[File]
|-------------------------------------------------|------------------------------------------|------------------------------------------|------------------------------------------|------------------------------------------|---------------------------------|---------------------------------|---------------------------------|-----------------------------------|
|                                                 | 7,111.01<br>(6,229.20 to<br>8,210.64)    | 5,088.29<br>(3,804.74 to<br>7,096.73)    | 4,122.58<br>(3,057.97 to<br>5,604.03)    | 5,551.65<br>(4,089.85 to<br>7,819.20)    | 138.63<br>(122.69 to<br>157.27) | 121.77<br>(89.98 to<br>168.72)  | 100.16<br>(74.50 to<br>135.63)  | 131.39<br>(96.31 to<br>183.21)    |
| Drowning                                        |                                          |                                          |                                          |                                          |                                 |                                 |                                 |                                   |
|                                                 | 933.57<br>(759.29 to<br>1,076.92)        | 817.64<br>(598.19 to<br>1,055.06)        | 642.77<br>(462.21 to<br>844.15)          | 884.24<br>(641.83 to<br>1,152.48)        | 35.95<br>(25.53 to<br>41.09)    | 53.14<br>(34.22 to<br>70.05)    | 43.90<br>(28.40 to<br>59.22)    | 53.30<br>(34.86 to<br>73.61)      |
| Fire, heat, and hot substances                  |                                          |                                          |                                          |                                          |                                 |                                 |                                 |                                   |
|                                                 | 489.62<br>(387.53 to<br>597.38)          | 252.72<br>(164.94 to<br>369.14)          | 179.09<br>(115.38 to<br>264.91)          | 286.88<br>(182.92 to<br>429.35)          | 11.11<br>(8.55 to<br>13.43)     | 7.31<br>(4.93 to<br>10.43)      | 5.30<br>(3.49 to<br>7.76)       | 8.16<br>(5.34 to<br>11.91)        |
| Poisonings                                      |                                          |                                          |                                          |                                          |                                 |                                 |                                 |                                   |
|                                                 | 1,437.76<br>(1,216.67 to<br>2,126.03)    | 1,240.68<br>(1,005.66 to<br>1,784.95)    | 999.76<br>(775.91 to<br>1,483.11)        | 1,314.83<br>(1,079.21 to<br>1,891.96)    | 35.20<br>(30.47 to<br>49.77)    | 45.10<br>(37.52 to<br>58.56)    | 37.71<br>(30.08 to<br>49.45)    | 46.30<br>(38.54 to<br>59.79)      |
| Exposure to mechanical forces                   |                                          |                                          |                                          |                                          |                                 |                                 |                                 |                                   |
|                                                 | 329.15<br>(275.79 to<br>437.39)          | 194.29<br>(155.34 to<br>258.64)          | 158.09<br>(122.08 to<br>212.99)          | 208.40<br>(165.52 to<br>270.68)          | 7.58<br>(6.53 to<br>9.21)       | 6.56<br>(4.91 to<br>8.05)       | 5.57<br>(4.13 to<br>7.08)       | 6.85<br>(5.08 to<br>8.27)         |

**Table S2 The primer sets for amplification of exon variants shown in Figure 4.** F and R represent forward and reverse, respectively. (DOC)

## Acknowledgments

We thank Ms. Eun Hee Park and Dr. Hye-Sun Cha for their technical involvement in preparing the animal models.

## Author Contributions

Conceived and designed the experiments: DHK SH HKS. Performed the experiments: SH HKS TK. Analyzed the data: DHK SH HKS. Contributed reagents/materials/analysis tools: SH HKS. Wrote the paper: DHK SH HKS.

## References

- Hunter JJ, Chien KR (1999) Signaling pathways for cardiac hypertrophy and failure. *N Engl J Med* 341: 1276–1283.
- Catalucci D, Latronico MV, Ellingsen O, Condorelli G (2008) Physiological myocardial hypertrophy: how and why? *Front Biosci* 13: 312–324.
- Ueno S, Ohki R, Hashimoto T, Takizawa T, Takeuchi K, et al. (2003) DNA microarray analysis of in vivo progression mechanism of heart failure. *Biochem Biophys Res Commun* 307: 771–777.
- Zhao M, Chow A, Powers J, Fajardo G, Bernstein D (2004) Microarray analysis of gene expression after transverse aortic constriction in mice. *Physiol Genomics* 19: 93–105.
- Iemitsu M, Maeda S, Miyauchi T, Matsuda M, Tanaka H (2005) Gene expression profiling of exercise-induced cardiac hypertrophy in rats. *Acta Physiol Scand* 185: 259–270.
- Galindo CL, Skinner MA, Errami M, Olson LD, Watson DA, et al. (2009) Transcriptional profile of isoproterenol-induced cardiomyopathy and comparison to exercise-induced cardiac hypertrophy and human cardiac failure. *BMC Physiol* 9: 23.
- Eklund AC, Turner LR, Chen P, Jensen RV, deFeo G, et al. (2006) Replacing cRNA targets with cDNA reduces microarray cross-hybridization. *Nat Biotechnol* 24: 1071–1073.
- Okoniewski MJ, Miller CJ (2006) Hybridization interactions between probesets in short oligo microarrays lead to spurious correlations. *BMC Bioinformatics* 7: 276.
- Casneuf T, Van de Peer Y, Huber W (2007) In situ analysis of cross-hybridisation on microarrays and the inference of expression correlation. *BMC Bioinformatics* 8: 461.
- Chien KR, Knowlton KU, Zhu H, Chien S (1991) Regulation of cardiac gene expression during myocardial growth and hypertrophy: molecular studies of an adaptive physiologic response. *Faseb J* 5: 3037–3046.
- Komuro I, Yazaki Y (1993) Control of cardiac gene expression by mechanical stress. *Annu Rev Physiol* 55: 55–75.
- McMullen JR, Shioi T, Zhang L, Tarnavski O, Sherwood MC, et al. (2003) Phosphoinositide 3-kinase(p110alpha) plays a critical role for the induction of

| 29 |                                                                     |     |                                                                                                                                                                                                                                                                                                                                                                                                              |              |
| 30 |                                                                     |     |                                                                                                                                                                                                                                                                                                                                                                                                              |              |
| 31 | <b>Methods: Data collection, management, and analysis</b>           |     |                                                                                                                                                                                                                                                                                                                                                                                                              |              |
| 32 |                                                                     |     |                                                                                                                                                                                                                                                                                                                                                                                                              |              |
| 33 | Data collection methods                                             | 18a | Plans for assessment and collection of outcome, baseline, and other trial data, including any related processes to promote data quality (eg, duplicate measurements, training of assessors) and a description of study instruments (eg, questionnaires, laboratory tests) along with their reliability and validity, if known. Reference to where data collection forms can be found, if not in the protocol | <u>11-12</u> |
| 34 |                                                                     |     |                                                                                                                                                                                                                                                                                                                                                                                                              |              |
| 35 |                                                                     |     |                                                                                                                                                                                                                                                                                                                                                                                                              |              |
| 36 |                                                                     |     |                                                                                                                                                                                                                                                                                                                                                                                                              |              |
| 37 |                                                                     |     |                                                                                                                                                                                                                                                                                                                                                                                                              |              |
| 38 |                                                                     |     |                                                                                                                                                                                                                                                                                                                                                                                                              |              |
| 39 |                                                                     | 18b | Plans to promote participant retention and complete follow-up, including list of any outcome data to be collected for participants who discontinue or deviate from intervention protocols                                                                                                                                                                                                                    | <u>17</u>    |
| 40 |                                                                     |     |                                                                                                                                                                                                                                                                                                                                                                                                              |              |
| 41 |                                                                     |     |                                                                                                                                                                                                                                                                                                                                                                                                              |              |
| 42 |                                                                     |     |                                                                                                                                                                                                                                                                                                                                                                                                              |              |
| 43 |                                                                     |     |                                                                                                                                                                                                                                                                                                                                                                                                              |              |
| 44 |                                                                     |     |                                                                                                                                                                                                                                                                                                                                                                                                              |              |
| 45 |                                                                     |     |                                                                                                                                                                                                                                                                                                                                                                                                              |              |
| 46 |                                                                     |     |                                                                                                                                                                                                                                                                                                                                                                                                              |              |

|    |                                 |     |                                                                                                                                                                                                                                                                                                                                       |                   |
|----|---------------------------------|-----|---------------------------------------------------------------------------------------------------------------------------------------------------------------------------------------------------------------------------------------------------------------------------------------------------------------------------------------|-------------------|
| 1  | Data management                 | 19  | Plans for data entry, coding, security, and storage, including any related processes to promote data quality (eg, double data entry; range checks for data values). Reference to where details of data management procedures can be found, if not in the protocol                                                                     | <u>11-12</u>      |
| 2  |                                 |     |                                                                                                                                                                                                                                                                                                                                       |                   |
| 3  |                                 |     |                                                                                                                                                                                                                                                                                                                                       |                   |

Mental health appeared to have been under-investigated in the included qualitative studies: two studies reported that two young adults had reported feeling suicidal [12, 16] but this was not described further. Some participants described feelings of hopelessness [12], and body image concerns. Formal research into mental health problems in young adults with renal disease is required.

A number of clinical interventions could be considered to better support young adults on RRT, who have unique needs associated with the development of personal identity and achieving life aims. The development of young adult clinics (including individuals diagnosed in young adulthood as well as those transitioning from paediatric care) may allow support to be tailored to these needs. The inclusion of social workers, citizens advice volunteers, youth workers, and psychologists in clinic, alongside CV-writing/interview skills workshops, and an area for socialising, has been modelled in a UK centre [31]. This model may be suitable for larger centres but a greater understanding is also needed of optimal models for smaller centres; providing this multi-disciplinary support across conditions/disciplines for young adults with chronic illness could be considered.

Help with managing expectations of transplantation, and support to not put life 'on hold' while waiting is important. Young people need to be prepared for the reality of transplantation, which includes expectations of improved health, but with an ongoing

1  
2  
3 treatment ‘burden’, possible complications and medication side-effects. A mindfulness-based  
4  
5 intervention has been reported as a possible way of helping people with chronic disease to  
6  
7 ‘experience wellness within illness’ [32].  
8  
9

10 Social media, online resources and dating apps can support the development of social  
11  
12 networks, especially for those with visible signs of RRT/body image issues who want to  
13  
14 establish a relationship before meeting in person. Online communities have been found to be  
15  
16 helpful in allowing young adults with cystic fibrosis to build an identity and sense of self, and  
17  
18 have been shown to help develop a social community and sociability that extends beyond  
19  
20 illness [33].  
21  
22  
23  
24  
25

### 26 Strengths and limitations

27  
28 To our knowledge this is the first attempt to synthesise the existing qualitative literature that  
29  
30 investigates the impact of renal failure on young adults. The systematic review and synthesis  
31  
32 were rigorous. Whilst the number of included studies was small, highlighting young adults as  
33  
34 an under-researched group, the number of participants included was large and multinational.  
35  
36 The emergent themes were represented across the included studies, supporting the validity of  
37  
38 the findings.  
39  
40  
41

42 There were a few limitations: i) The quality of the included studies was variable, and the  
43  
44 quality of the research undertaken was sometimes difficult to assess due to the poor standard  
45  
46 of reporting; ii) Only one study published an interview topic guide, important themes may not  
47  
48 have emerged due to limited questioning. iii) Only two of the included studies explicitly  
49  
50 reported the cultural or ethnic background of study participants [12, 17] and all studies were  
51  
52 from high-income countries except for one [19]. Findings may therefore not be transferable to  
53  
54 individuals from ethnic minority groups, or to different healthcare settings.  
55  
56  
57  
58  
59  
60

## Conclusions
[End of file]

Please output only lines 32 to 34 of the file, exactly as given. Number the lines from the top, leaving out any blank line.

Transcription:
| 32 |                                                                     |     |                                                                                                                                                                                                                                                                                                                                                                                                              |              |
| 33 | Data collection methods                                             | 18a | Plans for assessment and collection of outcome, baseline, and other trial data, including any related processes to promote data quality (eg, duplicate measurements, training of assessors) and a description of study instruments (eg, questionnaires, laboratory tests) along with their reliability and validity, if known. Reference to where data collection forms can be found, if not in the protocol | <u>11-12</u> |
| 34 |                                                                     |     |                                                                                                                                                                                                                                                                                                                                                                                                              |              |